Activities To Practise Making Requests

By Alex Case
Practice activities for making requests in English, including being polite, responding and giving reasons.

1. Try Your Best To Say No

One student must try to answer all requests negatively, giving a different reason each time. The person or people making the requests should try to make them say yes, e.g. by asking for things that are so small that it is difficult to refuse them or by asking for something that can only easily be refused with an excuse they have already used (and so cannot use again).

2. Predict The Answer

Before making a request, the student whose turn it is writes down the response they expect as Yes or No in their notebooks. After getting a response, they reveal what they had written down, therefore showing their power of prediction and ability to choose a request that gets a particular answer, e.g. “Can you lend me your house?” for “No” and “Can you move your chair one centimetre to the left?” for “Yes”.

3. Requests Answer Me

This is a variation on the game above. Students are dealt out five to seven cards with Yes or No written on them. Their job is to obtain those responses and so be able to discard the cards, with the first person with no cards left (or the person with fewest cards when the teacher stops the game) being the winner. The first student takes one of the cards and puts the rest face down on the table, then makes a request which they think they will get an answer that is on that card. If that is in fact the answer they get, they can discard it.

This can also be played with cards that have the actual wording of the responses on them, e.g. phrases like “Maybe later” and “Okay, but just this once”. The people replying must choose the thing that they would be most likely to really say in that situation from the list of such responses and the person who made the request can discard the card if it is one of the ones they have in their hand.

4. Requests Brainstorming Competition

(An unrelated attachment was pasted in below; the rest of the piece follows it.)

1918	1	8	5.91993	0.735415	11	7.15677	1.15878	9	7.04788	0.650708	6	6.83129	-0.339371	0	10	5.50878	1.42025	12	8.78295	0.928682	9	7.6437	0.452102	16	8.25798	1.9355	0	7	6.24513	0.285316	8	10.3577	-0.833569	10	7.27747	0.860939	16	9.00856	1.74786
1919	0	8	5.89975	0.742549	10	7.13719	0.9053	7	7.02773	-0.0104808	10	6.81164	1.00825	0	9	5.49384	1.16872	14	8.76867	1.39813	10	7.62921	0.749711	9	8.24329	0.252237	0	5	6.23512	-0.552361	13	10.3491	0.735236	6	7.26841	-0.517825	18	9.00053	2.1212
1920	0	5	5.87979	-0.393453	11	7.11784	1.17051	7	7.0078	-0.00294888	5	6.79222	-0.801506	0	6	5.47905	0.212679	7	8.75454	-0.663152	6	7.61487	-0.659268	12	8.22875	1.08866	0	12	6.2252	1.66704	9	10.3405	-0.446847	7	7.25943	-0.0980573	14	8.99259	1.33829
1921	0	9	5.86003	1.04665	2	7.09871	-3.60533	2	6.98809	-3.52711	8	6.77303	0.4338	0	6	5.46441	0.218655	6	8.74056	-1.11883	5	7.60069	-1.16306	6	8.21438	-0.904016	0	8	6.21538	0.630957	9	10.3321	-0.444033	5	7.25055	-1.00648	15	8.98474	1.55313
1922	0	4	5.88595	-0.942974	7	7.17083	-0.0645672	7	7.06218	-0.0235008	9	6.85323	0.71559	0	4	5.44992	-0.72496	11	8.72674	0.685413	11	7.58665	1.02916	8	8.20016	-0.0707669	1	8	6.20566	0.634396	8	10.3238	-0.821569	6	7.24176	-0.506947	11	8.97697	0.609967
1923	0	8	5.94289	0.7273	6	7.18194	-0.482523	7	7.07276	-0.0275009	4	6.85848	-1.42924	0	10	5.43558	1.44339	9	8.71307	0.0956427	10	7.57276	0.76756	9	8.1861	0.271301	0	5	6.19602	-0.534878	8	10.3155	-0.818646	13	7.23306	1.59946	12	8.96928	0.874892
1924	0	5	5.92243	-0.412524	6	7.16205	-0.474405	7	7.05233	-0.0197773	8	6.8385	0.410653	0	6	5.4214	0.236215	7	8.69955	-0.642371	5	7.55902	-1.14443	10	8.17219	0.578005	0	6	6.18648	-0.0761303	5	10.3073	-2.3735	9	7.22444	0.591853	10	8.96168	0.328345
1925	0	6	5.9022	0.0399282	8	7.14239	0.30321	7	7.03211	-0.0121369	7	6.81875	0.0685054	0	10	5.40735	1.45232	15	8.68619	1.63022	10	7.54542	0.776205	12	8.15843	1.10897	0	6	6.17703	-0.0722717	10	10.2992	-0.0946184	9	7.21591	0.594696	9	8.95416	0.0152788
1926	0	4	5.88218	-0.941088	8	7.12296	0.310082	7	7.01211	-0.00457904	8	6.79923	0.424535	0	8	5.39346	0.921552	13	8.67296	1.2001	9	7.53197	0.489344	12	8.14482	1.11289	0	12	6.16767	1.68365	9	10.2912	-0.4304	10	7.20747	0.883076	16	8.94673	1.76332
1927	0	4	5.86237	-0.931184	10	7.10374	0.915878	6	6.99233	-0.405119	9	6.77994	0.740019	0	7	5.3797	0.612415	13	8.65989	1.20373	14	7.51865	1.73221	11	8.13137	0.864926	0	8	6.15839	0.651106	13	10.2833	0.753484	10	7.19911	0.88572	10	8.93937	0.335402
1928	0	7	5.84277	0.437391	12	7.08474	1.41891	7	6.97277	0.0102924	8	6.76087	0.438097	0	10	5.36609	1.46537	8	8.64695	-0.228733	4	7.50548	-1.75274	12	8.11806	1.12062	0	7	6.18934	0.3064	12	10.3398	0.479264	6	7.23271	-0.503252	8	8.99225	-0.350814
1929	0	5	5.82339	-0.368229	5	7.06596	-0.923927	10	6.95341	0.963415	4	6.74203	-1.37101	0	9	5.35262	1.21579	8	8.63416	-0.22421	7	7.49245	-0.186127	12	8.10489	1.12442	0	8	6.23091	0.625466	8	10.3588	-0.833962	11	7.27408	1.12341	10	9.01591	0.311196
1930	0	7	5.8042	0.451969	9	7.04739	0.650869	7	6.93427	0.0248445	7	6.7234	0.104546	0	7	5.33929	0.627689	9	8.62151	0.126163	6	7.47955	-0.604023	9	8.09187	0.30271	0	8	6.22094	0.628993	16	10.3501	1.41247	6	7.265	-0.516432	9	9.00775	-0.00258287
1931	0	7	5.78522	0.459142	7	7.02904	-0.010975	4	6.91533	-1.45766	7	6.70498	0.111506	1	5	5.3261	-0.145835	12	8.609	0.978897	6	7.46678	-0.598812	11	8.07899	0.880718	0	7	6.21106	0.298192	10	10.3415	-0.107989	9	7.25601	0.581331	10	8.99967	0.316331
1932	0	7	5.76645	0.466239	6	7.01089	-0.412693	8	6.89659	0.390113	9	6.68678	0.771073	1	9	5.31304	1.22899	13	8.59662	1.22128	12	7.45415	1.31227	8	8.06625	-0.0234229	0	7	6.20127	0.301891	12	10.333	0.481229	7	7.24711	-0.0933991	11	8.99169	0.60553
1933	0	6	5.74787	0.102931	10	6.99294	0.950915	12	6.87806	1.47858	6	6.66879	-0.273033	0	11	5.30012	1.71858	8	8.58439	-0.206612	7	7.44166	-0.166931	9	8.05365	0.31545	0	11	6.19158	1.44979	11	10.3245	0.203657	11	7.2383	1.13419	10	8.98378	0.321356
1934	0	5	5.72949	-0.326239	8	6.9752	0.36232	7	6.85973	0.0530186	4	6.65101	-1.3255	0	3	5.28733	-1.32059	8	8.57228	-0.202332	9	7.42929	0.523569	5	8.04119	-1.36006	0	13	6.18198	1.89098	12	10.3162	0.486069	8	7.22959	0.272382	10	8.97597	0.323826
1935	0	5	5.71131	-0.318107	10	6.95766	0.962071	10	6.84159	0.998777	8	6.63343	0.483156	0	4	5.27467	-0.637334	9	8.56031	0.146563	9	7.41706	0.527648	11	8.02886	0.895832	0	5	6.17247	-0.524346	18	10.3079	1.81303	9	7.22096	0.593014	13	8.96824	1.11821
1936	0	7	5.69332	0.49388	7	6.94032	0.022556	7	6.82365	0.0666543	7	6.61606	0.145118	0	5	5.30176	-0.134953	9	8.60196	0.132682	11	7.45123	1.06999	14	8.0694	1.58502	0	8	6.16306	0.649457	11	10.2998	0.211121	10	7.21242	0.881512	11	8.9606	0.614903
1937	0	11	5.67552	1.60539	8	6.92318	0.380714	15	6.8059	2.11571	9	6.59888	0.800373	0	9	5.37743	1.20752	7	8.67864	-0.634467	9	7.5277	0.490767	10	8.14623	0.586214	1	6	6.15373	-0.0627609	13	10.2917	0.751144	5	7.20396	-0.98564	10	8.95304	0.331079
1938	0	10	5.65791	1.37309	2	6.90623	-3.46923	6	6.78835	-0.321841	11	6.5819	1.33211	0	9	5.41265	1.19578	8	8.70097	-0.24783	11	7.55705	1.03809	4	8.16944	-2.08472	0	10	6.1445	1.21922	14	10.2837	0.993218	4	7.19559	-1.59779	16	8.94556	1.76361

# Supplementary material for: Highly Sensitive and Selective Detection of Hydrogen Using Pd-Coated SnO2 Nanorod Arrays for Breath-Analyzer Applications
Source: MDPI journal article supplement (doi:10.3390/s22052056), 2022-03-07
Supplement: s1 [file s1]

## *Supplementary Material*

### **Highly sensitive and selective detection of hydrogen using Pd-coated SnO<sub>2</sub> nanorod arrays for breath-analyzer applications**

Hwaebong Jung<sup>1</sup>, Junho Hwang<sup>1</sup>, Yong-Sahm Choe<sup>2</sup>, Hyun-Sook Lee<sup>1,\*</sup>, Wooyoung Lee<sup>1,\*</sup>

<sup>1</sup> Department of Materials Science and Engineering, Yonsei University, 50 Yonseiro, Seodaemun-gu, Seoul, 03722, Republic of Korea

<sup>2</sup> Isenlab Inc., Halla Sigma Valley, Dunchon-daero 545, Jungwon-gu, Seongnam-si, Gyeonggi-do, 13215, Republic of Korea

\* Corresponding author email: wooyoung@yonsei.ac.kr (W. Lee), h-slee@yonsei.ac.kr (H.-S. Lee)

Students are given a word or situation that they should brainstorm requests for, e.g. requests containing the word “pencil” or requests inside a taxi. When they run out of ideas the last person to come up with something gets a point, then they move onto something else in the list.

You can also do the same thing with brainstorming reasons for refusing a request, or trying to think of situations in which a particular excuse or phrase could be used.

5. Requests Guessing Games

Students should guess which of the situations on the worksheet or board (e.g. “Talking to your boss” and “In a dentist’s”) the teacher or another student is thinking of from the requests that they say could come up there (e.g. “Can I go home early?” or “Could you just polish them a little?” for those two examples).

They could also guess which of the requests written on the worksheet the person speaking is thinking of from the possible responses they say, or guess which of the responses on the worksheet they are thinking of from the list of requests they say could get that answer.

A more complex one is to give each student a card with a reason for refusing lots of requests, e.g. “You can’t read and write”. They should refuse all requests that would be impossible for them (e.g. “Write a report” and “Help with my homework” for this example) until their partners guess what your problem is.

Another variation is to give them a list of big requests like “Help me move house” and “Help me set up my own business”. The person whose turn it is makes small requests that would form part of that big demand, e.g. “Could you help me put down the back seats of my car?” and “Would you mind coming to the tax office with me?” for those two examples. After replying to those small requests, their partners should try to guess what the big request is.

6. Requests For Points

Students are given Student A and Student B sheets which have different things they should request on them, with each thing having a number of points depending on how big an ask it is, e.g. one point for “borrow a dictionary” and ten points for “use your car for a week”. They should say yes to exactly half of the requests they receive and can reject the other half. They shouldn’t say how many points things have on their worksheet or show their worksheet to their partner, but rather find some way of tricking their partner into accept at least one bigger request. The person who says yes to things with fewer points in total is the winner.

7. Politeness Competition

Students compete to make an impolite request that they are given as polite as possible, e.g. going from “Sit down” to “Please sit down” then “Please take a seat”, “Please sit anywhere you like” and finally “Please sit anywhere you like whenever you are ready”.

Written by Alex Case for Teflnet November 2011
Alex Case is the author of TEFLtastic and the Teaching...: Interactive Classroom Activities series of business and exam skills e-books for teachers
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